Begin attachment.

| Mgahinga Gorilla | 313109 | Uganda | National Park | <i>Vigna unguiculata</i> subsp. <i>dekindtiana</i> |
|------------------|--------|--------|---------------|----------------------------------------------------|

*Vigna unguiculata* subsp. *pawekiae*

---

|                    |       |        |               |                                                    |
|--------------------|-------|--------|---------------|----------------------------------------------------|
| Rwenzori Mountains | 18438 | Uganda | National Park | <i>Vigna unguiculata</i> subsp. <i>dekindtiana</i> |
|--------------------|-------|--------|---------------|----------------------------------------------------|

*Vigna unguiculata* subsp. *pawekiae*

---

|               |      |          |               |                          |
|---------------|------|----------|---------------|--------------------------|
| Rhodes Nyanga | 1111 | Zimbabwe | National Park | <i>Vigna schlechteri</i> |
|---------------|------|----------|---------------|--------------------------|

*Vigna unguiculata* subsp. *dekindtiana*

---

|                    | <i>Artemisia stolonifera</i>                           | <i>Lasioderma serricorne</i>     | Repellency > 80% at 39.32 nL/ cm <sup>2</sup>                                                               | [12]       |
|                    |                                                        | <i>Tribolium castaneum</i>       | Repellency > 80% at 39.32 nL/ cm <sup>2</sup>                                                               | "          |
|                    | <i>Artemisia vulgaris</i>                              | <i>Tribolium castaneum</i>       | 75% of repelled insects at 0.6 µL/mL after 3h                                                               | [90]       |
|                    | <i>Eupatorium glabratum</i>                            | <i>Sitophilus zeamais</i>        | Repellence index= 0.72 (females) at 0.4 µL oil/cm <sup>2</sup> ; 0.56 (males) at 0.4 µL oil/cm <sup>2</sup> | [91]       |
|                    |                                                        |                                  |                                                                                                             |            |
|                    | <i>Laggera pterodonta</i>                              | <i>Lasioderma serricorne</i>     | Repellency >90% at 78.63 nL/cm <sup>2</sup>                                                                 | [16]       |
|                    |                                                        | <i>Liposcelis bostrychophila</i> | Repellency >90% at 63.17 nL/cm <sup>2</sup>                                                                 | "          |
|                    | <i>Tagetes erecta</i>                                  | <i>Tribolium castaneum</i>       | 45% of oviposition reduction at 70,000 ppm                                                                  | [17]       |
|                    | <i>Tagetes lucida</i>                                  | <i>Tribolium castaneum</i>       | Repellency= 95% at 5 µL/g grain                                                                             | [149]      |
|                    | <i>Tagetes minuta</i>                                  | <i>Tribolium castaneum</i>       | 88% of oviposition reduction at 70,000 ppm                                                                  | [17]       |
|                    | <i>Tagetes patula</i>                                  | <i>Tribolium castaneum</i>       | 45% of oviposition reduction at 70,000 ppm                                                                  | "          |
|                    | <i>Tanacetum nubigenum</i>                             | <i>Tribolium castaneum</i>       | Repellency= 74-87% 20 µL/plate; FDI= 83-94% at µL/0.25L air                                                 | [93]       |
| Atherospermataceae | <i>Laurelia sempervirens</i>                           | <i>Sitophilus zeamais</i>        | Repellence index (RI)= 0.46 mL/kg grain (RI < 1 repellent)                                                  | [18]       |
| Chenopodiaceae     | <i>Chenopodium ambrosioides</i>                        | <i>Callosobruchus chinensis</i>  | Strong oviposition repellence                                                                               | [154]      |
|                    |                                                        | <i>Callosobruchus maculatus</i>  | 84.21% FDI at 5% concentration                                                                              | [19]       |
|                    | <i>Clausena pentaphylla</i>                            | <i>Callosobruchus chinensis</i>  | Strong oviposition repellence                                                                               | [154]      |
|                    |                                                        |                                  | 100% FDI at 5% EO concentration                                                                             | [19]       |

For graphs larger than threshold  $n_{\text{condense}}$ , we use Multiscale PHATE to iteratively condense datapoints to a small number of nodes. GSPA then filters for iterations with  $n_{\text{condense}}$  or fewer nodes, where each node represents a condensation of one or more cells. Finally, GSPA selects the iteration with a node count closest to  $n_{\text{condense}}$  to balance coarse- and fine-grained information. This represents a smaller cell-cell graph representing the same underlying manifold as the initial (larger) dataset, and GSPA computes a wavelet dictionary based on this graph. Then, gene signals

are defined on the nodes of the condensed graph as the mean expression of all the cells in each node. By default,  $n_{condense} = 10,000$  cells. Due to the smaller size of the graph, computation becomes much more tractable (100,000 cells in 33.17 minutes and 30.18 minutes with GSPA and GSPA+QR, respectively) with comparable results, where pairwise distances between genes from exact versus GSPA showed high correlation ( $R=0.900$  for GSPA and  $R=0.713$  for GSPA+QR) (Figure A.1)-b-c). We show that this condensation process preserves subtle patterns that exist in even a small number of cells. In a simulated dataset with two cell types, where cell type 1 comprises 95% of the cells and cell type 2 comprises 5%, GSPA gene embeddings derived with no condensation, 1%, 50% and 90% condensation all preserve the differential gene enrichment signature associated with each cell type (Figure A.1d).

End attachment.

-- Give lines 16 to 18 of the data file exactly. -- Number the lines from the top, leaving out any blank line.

---

|                    | <i>Artemisia stolonifera</i>                           | <i>Lasioderma serricorne</i>     | Repellency > 80% at 39.32 nL/ cm <sup>2</sup>                                                               | [12]       |
|                    |                                                        | <i>Tribolium castaneum</i>       | Repellency > 80% at 39.32 nL/ cm <sup>2</sup>                                                               | "          |